Internal optical disc drives of that brand have almost disappeared from shops and the manufacturer itself seems to have lost interest in such devices, focusing on notebook and external drives instead. It is yet uncertain if we ever see new IDE devices with the AOpen logo in the future, so the DUW1608/ARR model, the subject matter of this review, is perhaps the last optical drive from that brand to be tested in our labs.
If this comes true, there’ll be one player less in the optical drive market. It is sad since drives from AOpen used to perform very well, yet the decrease in the ranks of the manufacturers is quite natural. It has become very hard to survive in this market considering the dramatic reduction of the price of DVD-recording devices.
But let’s now have a look at the device about to be tested.
The AOpen DUW1608/ARR is not actually an up-to-date device. Its speed formula is typical for the previous generation of optical drives, yet its characteristics suffice for a majority of users even today.
We got an OEM version of the drive (i.e. without any accessories), but you can still find a retail version with such bonuses as software for burning discs (Nero Burning Rom) and reproducing DVD Video (PowerDVD), an installation instruction, fasteners, an audio cable, and an emergency eject wire. You don’t get blank DVDs, but the manufacturer includes white and black faceplates instead. The latter thing is probably the weightiest argument in favor of a retail rather than OEM version of the drive.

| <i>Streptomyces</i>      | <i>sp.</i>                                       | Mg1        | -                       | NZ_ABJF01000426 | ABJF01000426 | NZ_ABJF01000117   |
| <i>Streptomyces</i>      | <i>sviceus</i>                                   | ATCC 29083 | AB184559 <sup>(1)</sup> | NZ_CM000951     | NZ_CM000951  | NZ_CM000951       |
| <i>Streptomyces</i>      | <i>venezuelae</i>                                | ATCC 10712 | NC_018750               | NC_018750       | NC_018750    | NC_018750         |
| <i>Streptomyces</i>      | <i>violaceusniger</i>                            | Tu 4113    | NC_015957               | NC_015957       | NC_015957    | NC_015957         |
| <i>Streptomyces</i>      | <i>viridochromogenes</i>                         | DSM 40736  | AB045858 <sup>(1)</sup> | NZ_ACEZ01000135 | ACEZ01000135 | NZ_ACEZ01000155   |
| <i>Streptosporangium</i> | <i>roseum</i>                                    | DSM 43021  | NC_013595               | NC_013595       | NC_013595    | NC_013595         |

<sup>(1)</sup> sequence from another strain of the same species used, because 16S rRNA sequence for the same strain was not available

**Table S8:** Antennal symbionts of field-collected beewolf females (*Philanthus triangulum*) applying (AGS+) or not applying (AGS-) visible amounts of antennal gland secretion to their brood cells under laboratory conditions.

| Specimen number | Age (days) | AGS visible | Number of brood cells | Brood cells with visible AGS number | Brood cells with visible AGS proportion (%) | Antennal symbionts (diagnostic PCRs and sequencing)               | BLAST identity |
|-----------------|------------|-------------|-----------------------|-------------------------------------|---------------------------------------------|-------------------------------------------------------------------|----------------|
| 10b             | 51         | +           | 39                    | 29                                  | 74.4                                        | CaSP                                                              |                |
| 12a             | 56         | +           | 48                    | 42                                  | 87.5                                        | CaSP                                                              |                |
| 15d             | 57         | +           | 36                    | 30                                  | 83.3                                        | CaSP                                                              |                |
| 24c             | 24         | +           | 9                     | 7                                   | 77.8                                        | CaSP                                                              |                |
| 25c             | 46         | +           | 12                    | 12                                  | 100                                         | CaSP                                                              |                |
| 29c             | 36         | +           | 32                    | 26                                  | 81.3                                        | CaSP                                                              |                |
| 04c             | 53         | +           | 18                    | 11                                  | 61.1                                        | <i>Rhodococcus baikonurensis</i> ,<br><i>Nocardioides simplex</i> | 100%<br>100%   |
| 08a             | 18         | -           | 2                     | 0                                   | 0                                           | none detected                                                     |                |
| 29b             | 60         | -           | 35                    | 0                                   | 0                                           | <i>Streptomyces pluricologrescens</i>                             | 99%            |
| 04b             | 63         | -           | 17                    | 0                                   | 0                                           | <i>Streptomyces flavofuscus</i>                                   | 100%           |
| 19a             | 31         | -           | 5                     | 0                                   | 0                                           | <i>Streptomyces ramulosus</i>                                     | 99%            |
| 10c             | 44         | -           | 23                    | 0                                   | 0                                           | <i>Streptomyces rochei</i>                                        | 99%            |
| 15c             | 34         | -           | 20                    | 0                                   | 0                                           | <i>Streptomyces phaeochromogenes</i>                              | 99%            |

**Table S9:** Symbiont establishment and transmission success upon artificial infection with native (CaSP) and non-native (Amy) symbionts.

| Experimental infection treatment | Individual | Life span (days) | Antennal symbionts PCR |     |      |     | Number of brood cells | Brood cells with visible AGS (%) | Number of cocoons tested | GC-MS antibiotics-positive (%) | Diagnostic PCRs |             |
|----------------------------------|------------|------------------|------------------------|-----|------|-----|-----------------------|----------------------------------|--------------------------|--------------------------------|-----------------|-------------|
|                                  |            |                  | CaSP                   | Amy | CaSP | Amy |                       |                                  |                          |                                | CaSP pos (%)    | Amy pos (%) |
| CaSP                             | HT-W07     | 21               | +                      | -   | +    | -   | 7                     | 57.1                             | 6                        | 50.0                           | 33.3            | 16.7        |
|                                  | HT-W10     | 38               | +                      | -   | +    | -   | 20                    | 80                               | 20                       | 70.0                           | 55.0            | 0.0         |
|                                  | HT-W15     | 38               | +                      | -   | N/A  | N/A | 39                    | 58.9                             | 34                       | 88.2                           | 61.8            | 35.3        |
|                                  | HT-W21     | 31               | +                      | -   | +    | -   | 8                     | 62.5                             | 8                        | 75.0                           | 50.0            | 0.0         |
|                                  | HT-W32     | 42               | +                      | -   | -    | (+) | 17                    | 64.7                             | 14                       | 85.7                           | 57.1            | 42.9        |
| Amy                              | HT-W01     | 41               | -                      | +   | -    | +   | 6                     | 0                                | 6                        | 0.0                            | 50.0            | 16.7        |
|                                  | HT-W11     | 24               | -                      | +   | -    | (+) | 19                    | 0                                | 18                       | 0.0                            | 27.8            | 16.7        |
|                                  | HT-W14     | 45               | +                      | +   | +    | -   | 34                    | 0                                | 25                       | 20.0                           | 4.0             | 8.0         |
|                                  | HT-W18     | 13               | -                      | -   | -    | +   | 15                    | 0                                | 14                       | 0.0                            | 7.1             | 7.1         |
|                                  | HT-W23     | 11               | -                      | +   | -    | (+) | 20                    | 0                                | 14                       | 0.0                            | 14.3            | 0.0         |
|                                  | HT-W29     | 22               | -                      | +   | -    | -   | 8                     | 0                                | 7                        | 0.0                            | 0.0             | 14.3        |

This device doesn’t try to impress you with its exterior – it has a standard front panel with a minimum of controls and indicators. Like many other manufacturers, AOpen has stopped to put a headphones socket on the front panel; the volume control is missing, too, of course. Besides the string of logotypes that confirm the drive’s ability to work with almost all existing types of optical media, the front panel carries an Eject button, an emergency eject hole and a green LED that informs the user about the reading/writing processes (this single-color indicator isn’t very informative, though). Overall, despite the certain austerity of design, the device looks nice, especially with a black faceplate.
The rear panel is perfectly standard, carrying digital and analog audio outputs, interface and power connectors, and a jumper with pins. The labels are located on the plastic top of the rear panel, rather than on the top panel of the case, and are well readable. Inexperienced users should appreciate this helpful feature if they are installing the drive on their own. There are no vent openings here, not to mention active cooling. This may result in a higher temperature inside the case of the drive, but dust won’t get in, either.